reportingI came across a spectacular discussion about health journalism — specifically all those studies you constantly hear about — on the National Geographic blog by Virginia Hughes. In it, she and some others on Twitter discuss the troubling preponderance of uninformed stories about new health findings, particularly stories that tend to trump up the importance of tiny results from tiny studies that might not even be that well-designed, just because consumers love health stories (even moreso when the studies trumpet, say, the benefits of wine). Definitely check out the whole discussion, but I wanted to point out that even for us non-health reporters, there are some good lessons here:

1. Be cautious with any study, poll, or survey. Yes, they’re fun, and thanks to computers, super-easy to do now. But particularly if the results can alter how people approach their lives, you’ve got to make sure you trust the source and the sampling. It’s so easy to report study results because, journalistically, we’re off the hook: As long as we report the results right, we’ve technically done our job, right? We have said to readers, “Here are results of a study that was done.” We are correct. But the major thing missing from this kind of reporting, as this discussion points out, is smart analysis and context — two things that, in a perfect world, would also be journalists’ job.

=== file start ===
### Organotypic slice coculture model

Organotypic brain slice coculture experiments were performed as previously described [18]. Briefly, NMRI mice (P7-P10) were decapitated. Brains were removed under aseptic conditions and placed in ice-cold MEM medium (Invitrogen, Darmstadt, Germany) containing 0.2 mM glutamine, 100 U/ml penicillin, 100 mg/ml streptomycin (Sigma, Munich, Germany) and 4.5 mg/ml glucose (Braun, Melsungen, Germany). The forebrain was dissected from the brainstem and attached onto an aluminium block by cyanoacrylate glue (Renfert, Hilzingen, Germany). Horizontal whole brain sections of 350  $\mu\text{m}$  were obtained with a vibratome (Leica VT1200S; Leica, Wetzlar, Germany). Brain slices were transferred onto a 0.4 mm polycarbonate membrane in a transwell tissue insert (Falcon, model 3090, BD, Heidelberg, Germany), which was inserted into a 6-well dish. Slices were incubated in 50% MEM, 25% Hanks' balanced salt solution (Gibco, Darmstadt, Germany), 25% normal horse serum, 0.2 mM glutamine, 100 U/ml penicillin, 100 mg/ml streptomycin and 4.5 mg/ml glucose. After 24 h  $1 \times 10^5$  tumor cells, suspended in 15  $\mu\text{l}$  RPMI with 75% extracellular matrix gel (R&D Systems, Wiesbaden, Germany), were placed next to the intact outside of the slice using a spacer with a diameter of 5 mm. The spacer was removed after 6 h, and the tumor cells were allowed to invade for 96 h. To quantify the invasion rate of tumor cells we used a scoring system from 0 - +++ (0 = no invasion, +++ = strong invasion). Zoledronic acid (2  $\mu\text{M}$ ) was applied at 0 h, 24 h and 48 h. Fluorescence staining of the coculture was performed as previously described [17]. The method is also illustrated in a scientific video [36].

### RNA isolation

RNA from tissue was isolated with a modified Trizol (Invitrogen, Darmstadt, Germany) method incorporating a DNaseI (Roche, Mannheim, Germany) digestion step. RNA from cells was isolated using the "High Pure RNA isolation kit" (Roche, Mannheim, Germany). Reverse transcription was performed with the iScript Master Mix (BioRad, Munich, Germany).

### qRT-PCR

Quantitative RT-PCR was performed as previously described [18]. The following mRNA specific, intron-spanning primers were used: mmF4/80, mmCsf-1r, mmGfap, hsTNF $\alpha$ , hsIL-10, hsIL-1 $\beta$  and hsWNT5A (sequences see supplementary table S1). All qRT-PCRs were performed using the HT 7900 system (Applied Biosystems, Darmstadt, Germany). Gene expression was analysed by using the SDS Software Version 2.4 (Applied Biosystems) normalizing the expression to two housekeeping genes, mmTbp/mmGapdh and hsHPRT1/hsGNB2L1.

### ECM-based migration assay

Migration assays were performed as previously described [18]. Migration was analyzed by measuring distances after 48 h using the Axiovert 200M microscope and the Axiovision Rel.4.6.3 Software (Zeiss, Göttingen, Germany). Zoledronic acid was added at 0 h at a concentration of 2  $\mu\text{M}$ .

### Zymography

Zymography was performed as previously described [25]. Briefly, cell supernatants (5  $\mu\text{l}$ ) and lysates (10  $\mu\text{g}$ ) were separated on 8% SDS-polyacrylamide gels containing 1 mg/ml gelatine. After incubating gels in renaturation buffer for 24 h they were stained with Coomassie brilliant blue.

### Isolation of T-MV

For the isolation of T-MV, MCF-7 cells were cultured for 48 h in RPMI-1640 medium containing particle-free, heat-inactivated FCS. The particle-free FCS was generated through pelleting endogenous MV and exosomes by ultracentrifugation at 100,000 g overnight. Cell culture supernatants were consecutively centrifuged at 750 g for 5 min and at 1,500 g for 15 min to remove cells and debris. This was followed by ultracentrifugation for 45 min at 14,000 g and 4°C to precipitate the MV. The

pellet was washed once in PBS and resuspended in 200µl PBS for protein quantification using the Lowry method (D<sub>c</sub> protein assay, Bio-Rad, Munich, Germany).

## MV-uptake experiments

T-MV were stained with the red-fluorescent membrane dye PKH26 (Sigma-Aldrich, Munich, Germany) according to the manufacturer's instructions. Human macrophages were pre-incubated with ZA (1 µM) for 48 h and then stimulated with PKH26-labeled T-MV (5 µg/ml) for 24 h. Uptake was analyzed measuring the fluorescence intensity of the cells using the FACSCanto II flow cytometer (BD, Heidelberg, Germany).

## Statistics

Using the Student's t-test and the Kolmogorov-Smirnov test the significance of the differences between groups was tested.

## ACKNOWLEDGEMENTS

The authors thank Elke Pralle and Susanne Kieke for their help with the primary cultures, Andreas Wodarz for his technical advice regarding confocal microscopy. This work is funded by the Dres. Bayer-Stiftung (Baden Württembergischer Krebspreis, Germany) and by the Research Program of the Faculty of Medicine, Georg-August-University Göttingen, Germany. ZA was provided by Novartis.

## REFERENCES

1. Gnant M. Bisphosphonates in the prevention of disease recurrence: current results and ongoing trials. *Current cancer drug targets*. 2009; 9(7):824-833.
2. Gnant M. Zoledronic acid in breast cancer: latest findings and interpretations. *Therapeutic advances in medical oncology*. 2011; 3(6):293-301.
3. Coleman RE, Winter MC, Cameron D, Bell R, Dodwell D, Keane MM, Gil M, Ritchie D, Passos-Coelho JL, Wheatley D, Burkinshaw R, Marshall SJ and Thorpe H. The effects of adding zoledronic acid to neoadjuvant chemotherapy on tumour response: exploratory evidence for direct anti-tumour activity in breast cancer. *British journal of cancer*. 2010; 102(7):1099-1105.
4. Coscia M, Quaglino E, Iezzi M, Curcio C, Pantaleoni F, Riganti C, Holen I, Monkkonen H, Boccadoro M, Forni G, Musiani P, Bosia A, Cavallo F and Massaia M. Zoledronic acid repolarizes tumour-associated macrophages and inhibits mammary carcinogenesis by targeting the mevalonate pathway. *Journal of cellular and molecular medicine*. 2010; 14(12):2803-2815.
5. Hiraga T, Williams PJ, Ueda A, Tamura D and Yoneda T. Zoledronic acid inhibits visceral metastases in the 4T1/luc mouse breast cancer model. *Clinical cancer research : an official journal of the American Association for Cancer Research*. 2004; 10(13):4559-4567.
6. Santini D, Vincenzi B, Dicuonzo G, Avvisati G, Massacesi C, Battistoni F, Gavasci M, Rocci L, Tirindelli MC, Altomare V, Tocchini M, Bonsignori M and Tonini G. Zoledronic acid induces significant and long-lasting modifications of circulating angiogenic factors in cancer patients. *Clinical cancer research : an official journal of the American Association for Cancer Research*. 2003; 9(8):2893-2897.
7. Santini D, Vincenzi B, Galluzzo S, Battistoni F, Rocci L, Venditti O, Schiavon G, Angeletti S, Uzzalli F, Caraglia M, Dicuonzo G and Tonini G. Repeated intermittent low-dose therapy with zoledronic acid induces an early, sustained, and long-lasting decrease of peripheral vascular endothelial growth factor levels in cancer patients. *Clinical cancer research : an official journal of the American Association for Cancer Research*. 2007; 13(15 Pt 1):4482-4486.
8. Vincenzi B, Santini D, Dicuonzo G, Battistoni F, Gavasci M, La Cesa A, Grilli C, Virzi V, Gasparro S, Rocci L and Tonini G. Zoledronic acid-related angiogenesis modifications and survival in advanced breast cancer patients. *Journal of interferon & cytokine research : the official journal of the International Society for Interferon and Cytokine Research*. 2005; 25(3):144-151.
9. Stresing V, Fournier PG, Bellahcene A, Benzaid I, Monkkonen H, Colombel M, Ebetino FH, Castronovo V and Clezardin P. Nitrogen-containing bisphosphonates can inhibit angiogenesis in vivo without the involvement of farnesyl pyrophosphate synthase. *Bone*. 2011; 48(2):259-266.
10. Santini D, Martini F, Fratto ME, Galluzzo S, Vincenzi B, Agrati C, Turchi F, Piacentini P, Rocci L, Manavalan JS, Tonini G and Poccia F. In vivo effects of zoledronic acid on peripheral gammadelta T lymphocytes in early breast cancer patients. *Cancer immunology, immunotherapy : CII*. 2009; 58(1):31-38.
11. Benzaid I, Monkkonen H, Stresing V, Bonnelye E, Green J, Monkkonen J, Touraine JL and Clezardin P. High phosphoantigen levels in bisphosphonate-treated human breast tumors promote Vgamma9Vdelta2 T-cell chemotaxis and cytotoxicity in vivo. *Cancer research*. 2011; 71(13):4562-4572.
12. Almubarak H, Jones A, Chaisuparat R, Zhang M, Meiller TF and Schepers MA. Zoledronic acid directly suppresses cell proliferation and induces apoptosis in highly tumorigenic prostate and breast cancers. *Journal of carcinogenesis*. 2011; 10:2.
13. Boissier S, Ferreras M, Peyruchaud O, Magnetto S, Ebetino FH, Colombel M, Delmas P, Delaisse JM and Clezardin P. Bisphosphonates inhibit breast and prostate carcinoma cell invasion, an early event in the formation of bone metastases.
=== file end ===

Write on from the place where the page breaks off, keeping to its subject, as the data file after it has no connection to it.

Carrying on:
2. Fewer stories means better stories. This one’s for the editors out there. It’s so hard not to jump on everything these days, given the competition for breaking news on the Internet, but another ideal function for journalists is as gatekeepers: We could actually use our brains to decide, “Nah, not this one.” Or even: Let’s wait until other studies confirm this and write a bigger, deeper, more informed piece that really means something to readers. Crazy, I know. But writers like writing those stories way more than the everyday bullshit story chasing, and for good reason. We like to write things that truly matter. We’re crazy like that.

3. Having a “beat” is a good thing. There’s a reason we all tend to specialize in a certain kind of writing. As an expert in television, I know much faster, and with much more confidence, whether something is truly new and worth covering; I know how to give it context; I know whom to call for the right answers; and I usually even know, pretty reliably, which editor requests are gettable and which are pie-in-the-sky ludicrous. (Yes, I usually have to make the call anyway to prove it, but I’m almost always right.) I’m very interested in other topics, like yoga and wine and food and health and meditation, but I rarely write about them because they’re not my true expertise. I do a lot of yoga, but someone somewhere has instincts that I don’t about whether a new yoga study is interesting or why a new trend in yoga is worth covering. I always wondered why they didn’t cover basic beat reporting in college. It would be a great class in J-school. (And some may have it, but Northwestern, for all of its other wonderful features, did not when I was there.)